Viewers responded because, until Sander’s move, the parade of Democratic candidates doing town halls had become like a TV show that’s stayed on the schedule too long — the episodes are predictable, the conflict recycled, the star never in genuine danger. In fact, in a throwback to the pre-Trump political style, that seemed to be the whole idea: Avoid any controversy that could damage a campaign in the early going.

The audience caught on. After Harris and Sanders each appeared on CNN, town hall numbers began to slide. Yes, some of the later candidates are simply not as scintillating – Democrat John HickenlooperJohn HickenlooperOn The Trail: How marijuana went mainstream Senators press for answers in Space Command move decision Senate rejects Cruz effort to block stimulus checks for undocumented immigrants MORE of Colorado (750,000 viewers for his town hall) could never carry a show in primetime, even in a treasured timeslot with “This Is Us” as his lead-in. But none of them came to play, either; none dove into the arena the way Sanders did on Fox.

Now, of course, there’s an open casting call of Democratic candidates lining up outside Fox News offices in Manhattan. Sen. Amy KlobucharAmy KlobucharHillicon Valley: Biden nominates former NSA deputy director to serve as cyber czar | Apple to send witness to Senate hearing after all | Biden pressed on semiconductor production amid shortage Apple to send witness to Senate hearing after pushback from Klobuchar, Lee Lobbying world MORE of Minnesota signed on, South Bend Mayor Pete ButtigiegPete ButtigiegThe Hill's 12:30 Report: Biden meets with bipartisan lawmakers for infrastructure negotiations Senate Republicans label Biden infrastructure plan a 'slush fund' The Hill's Morning Report - Presented by Tax March - Congress returns; infrastructure takes center stage MORE is reportedly in talks, Sens. Kristen Gillibrand of New York and Cory BookerCory BookerThe first Southern state legalizes marijuana — what it means nationally Top Democrat calling for expansion of child care support When it comes to the Iran nuclear deal, what's a moderate Democrat to do? MORE of New Jersey say they’re open to the idea.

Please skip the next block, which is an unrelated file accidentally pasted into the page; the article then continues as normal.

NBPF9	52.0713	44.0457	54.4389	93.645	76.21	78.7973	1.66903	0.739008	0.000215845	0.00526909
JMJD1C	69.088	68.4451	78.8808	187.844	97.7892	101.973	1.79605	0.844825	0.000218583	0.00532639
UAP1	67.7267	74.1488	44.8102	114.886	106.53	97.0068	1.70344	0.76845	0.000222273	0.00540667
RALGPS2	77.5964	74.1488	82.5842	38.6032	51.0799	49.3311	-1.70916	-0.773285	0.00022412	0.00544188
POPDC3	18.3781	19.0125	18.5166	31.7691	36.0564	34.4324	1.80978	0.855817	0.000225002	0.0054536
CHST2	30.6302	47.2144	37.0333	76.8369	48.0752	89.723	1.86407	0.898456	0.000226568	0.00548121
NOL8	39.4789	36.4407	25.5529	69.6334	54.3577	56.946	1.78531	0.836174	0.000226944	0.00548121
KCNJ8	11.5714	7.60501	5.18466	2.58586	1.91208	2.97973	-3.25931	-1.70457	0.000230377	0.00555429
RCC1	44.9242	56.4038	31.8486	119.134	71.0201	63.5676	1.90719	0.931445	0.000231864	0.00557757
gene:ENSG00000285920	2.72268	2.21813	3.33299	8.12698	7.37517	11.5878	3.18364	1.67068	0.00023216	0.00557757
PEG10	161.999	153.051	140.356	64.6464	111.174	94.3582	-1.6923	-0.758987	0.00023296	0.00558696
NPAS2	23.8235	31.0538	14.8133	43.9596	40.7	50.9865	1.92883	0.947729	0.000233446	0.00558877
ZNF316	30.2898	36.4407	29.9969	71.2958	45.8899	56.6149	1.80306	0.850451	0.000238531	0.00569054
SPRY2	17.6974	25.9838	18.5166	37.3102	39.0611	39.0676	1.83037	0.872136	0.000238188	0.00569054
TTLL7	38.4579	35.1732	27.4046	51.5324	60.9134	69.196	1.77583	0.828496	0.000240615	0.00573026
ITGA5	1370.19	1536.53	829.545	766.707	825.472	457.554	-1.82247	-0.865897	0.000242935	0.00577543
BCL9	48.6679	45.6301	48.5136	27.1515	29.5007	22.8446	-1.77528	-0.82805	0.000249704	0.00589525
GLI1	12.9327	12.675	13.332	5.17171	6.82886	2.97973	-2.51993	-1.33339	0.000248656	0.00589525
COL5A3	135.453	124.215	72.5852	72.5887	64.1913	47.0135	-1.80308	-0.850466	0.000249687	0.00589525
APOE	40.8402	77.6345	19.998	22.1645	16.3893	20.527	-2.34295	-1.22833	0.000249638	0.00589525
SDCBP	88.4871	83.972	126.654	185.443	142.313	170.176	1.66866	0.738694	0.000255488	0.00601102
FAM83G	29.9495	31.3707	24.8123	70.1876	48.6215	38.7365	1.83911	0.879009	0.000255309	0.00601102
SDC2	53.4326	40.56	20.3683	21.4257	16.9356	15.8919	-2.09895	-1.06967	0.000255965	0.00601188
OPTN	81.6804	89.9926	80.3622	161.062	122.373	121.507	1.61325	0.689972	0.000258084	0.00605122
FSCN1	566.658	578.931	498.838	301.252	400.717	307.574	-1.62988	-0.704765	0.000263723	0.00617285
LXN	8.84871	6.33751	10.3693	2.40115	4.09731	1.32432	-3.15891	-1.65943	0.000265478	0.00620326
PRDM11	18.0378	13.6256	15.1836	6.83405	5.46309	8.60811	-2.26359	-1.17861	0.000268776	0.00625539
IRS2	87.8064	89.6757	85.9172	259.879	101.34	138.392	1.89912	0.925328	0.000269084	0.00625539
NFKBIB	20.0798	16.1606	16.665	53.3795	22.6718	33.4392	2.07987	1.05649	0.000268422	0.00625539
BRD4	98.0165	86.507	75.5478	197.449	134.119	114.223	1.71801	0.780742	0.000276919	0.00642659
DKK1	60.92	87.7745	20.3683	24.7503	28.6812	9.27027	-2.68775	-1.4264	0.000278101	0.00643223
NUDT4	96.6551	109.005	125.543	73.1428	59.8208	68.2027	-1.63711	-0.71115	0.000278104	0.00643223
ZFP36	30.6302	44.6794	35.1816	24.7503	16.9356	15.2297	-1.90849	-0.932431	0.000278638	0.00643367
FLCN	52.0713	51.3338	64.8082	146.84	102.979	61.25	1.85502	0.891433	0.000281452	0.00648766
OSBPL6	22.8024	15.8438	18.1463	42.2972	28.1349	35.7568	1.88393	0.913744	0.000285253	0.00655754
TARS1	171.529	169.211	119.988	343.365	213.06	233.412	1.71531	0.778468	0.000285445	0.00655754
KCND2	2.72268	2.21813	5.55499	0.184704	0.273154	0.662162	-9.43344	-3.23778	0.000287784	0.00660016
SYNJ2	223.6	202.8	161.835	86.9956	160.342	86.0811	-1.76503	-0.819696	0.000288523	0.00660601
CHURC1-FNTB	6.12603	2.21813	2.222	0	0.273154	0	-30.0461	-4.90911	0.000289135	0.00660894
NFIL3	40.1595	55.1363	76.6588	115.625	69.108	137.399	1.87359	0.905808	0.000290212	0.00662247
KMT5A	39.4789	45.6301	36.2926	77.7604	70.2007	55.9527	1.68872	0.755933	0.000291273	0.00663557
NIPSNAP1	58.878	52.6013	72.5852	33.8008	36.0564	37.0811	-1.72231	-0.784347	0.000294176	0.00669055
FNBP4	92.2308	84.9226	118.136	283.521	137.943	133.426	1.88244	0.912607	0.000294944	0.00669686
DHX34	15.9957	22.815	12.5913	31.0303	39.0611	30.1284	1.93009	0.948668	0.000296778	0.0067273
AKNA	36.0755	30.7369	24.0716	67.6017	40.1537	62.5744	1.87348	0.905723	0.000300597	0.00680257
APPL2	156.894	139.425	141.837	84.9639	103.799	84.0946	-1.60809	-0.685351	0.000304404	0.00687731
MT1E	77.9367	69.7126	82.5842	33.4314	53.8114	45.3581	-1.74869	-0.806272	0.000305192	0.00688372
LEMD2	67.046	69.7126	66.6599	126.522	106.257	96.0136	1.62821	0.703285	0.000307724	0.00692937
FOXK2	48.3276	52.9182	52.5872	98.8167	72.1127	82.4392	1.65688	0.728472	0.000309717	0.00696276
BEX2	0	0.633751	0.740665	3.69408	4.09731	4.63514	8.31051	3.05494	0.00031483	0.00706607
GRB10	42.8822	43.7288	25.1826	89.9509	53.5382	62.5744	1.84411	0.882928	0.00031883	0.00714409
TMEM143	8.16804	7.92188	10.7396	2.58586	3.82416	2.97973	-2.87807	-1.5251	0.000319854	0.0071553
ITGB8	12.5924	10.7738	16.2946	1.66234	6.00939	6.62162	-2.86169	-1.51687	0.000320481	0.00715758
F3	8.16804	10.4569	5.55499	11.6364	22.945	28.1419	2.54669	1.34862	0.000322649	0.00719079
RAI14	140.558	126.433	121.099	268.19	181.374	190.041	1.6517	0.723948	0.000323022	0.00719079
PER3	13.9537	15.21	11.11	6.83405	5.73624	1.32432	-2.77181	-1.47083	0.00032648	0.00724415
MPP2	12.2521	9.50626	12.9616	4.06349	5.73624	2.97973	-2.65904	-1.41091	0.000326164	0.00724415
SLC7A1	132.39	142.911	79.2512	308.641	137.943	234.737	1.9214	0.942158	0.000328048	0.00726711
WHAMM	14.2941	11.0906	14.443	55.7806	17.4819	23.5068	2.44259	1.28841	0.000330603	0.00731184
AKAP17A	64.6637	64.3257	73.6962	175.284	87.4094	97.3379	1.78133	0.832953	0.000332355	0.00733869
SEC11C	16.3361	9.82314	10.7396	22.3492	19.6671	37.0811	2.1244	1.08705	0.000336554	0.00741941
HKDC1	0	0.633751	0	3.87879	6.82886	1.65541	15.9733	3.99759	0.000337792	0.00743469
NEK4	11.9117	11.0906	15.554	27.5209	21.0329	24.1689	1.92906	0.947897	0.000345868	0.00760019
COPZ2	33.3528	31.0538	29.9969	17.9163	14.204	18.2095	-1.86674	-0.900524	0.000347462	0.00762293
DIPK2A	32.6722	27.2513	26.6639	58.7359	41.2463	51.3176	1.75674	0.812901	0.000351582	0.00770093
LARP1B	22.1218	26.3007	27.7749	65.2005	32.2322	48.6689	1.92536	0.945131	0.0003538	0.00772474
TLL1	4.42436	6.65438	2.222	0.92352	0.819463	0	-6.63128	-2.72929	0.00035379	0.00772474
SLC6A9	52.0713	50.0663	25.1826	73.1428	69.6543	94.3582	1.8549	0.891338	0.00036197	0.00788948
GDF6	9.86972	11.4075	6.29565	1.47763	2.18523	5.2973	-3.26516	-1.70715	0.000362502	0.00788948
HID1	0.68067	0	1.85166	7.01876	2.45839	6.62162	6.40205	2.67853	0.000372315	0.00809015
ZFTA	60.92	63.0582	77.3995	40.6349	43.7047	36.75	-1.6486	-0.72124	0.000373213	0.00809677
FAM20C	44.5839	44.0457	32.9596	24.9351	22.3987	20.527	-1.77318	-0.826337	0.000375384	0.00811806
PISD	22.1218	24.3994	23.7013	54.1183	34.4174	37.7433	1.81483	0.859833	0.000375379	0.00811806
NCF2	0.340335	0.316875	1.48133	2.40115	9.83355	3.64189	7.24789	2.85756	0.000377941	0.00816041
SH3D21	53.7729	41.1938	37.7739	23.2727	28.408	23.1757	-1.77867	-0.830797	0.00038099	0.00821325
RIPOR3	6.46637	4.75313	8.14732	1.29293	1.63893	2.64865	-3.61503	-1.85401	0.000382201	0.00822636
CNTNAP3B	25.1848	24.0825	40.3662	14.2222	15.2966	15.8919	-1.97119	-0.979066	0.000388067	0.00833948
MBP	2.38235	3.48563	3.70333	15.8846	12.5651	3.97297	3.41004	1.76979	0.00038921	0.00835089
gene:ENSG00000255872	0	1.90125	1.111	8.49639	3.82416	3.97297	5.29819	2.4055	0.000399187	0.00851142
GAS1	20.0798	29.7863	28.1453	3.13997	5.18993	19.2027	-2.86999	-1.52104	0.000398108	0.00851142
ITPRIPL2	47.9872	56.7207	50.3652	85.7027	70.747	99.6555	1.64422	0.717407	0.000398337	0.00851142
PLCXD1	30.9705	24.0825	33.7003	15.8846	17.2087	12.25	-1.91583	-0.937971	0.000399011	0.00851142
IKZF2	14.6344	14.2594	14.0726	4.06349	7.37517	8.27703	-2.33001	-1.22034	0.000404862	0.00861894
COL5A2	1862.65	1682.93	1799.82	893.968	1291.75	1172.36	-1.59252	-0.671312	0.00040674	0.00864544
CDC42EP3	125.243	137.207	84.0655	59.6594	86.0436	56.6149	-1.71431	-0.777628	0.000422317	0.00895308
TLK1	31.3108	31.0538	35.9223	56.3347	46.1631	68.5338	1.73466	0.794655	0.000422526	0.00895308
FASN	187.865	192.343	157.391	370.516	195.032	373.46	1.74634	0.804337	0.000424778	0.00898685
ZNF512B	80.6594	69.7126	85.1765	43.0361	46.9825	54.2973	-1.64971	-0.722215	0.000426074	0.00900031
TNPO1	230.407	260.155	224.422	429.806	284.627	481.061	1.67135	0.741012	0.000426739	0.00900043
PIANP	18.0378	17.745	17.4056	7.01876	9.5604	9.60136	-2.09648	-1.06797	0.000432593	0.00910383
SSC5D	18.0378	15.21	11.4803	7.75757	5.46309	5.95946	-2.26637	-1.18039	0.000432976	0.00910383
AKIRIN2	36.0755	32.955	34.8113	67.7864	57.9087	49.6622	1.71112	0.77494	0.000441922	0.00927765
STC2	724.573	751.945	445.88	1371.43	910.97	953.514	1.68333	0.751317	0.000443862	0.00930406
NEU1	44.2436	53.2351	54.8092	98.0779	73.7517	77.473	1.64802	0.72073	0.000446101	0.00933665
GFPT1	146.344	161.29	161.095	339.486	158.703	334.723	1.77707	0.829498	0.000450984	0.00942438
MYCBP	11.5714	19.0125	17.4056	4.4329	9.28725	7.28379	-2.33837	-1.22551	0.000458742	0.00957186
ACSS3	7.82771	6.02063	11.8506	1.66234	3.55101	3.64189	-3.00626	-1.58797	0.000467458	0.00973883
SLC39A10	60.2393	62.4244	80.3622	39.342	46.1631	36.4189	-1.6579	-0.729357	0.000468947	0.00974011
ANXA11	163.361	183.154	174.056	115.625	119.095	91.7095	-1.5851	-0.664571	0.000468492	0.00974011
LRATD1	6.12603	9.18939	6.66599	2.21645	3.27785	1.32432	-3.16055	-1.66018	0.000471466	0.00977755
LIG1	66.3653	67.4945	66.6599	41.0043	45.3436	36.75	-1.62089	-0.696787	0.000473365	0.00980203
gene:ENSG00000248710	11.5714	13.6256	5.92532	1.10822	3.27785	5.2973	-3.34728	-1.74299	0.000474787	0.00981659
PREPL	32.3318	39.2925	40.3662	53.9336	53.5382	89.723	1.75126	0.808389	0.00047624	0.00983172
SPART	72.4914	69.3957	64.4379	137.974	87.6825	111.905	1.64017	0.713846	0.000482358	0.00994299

But that’s not how it works – only one person gets to be the hero and break the mold the first time. Maybe other Democrats also went after Sister Souljah later, but history has no record of them. It was Clinton who made the moment.

Sanders did generate some real news during his town hall, but the biggest headline was simply showing up first. The other candidates won’t have that – they and their campaign media consultants need to figure out how to shape their own moments of drama on Fox News. They’ll have to decide how many chances they are willing to take. If they get it right, maybe they can move up out of the supporting roles they find themselves in today.

But Sister Souljah? That moment belongs to Bernie.

Joe Ferullo is an award-winning media executive, producer and journalist and former executive vice president of programming for CBS Television Distribution. He was a news executive for NBC, a writer-producer for “Dateline NBC,” and has worked for ABC News and as a reporter or essayist for such publications as Rolling Stone magazine, the New York Times, the San Francisco Chronicle and the Village Voice.